Too Many @Mentions = You’re Doing it Wrong

One of the things I like most about personal & professional social networks is the context that they provide around communication streams.  We’re able to target our messages to specific audiences without needing to remember (or capture) each and every individual, and we also have more control over what messages come to us from other people. (Let’s take Facebook, for instance: I’m a member of a Dave Matthews Band (DMB) group in Facebook, and when I have something to say or share that’s DMB-related, I post to that group rather than to my profile (most of the time). Why? Because my target audience is entirely contained in that group, whereas posting to my Facebook profile would push my DMB news to all of my Facebook friends, most of whom have no interest in viewing or participating in my DMB ridiculousness. So, quick lesson = context is key!)

A few weeks ago my company published a post I wrote that highlights this very concept in the professional network we use – Salesforce Chatter. In the post’s matrix we identified how someone should determine the most appropriate audience for any given Chatter post. Just like my Facebook group example, the beauty of Chatter and similar ESN tools is the ability for a single employee to find information, answers, content, and experts even if s/he doesn’t know who to ask.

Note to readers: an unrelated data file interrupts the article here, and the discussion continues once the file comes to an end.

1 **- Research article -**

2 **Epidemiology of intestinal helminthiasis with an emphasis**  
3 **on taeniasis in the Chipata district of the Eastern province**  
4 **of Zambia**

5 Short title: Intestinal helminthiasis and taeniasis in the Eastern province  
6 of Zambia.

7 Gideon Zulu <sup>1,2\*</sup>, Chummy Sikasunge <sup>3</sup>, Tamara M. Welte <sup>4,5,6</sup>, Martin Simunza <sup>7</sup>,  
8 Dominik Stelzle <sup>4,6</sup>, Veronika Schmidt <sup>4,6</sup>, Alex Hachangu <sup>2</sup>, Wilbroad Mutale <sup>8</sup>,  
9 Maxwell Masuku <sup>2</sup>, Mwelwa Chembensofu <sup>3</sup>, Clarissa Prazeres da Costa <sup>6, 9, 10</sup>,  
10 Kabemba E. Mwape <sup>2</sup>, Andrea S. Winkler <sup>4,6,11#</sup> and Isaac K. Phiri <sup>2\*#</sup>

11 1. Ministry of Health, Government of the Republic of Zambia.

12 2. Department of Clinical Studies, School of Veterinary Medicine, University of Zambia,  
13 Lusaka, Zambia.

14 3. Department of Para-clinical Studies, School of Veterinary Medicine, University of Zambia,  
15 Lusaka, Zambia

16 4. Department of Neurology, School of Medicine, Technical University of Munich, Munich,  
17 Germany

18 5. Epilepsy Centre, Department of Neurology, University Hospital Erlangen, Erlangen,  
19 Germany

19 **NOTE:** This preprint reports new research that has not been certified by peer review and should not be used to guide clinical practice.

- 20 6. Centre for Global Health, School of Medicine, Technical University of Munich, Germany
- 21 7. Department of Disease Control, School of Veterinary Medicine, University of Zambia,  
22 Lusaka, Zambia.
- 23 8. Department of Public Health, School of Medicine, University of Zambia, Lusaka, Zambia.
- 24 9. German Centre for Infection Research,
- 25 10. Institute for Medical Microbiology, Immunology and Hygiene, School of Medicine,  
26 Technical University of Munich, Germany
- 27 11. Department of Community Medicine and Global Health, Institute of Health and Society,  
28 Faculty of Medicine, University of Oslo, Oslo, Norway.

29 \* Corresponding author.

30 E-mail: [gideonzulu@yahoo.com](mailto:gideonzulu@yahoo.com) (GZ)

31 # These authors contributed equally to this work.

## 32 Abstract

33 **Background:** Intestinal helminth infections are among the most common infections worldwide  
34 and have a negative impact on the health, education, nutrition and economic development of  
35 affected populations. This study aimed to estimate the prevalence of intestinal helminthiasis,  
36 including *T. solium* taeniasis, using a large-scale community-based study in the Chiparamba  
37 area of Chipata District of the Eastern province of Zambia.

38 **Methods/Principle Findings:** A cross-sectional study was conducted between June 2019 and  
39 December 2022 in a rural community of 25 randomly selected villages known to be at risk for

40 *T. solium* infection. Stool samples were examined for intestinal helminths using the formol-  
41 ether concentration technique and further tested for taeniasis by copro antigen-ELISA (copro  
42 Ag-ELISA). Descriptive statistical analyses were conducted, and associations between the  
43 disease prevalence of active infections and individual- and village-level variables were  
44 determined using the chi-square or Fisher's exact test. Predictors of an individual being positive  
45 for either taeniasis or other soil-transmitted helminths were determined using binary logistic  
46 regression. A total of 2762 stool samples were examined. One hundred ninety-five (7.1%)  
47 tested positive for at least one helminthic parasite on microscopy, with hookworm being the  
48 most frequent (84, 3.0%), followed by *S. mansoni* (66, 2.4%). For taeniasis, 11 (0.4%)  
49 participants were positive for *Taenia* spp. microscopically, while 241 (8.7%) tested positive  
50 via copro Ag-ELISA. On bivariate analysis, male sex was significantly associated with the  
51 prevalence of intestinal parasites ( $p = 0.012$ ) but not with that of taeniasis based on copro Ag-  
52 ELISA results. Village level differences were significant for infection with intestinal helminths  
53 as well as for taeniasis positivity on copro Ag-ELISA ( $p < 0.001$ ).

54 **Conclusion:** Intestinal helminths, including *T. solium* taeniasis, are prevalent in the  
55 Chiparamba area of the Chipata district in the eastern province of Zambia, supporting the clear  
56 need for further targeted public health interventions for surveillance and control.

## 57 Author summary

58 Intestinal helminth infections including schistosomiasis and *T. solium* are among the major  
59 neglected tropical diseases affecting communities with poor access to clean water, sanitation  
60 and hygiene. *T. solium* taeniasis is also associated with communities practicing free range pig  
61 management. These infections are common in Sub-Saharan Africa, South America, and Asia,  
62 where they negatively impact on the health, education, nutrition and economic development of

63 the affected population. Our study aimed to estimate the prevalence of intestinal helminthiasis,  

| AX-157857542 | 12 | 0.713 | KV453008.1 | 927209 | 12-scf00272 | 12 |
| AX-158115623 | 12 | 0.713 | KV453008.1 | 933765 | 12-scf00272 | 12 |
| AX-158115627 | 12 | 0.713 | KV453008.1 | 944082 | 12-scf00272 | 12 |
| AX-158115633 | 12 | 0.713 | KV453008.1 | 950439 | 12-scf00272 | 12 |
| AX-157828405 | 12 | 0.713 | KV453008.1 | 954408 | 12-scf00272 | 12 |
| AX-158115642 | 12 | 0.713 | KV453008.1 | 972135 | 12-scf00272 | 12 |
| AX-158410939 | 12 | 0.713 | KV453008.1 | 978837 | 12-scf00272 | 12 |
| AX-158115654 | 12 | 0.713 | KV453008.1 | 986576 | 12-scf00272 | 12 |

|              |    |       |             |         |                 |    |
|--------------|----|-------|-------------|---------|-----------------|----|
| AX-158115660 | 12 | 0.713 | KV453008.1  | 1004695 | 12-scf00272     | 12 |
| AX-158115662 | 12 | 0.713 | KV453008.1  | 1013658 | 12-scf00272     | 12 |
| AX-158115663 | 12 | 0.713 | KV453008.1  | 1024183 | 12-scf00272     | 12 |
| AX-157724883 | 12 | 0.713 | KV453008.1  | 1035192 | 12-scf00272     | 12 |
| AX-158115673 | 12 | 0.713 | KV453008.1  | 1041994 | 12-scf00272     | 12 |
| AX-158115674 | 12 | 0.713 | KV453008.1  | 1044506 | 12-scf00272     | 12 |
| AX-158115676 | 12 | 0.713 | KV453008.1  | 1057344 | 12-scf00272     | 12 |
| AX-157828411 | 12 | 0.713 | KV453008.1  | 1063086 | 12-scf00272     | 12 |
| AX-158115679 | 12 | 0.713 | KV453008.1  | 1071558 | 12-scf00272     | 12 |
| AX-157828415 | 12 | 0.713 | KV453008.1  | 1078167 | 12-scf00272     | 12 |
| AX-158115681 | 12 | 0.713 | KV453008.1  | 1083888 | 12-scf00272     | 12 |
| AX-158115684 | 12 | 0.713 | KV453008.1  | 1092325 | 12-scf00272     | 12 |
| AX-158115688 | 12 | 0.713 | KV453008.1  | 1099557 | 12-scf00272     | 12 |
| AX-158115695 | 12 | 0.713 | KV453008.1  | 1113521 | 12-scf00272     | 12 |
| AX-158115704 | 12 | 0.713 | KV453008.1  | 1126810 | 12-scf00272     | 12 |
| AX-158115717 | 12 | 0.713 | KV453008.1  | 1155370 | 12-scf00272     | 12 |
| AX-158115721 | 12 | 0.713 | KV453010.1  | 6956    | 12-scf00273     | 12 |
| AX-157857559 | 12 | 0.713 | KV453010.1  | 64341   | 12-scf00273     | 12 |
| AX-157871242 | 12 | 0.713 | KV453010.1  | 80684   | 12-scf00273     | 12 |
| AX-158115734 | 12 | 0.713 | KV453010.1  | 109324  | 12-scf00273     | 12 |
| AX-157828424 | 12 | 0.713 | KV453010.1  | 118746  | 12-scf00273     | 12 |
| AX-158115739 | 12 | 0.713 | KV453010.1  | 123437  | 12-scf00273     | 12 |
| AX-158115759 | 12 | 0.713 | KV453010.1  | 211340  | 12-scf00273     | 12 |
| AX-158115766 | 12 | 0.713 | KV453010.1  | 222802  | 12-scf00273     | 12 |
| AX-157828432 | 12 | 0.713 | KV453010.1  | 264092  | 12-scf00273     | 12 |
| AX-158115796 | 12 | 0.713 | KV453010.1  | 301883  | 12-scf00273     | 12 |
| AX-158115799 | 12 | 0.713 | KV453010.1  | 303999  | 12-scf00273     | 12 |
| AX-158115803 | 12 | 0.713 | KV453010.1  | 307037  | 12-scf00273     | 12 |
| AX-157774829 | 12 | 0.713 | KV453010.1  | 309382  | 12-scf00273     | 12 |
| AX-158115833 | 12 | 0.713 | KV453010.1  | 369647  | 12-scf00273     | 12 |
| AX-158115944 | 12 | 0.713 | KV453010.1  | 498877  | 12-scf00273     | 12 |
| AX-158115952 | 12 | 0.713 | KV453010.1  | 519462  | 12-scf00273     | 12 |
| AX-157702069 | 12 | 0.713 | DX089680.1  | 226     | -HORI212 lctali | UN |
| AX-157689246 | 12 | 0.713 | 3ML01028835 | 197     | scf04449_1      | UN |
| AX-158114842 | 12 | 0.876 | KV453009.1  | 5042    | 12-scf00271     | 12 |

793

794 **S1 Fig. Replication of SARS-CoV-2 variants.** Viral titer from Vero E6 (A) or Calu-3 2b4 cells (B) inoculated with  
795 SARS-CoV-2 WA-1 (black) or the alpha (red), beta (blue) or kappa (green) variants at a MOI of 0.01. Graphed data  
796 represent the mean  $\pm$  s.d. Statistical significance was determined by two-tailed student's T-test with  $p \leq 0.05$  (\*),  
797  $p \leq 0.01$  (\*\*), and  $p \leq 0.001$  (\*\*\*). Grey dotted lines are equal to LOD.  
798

…Which brings me to my point: if you are consistently @mentioning more than a few people in your posts, one of two things is happening: 

  1. You’re not contextualizing your post appropriately (so as to reach the intended audience)
  2. Your post is properly placed (in a group, for instance), but the appropriate audience isn’t receiving the message and thus not responding
The latter is not uncommon and is a significant part of what I’m paid to do every day in helping organizations develop consistent processes & streams of communication. When we see people abusing @mentions, sometimes the answer is training, sometimes the answer is adding or restructuring Chatter groups (though if it’s a 1-off conversation that may not be necessary).

I would expect that both of these reasons contribute to why people might be @mention abusers, but for now let’s assume that the first issue – contextualizing your post – is the primary reason for multiple @mentions.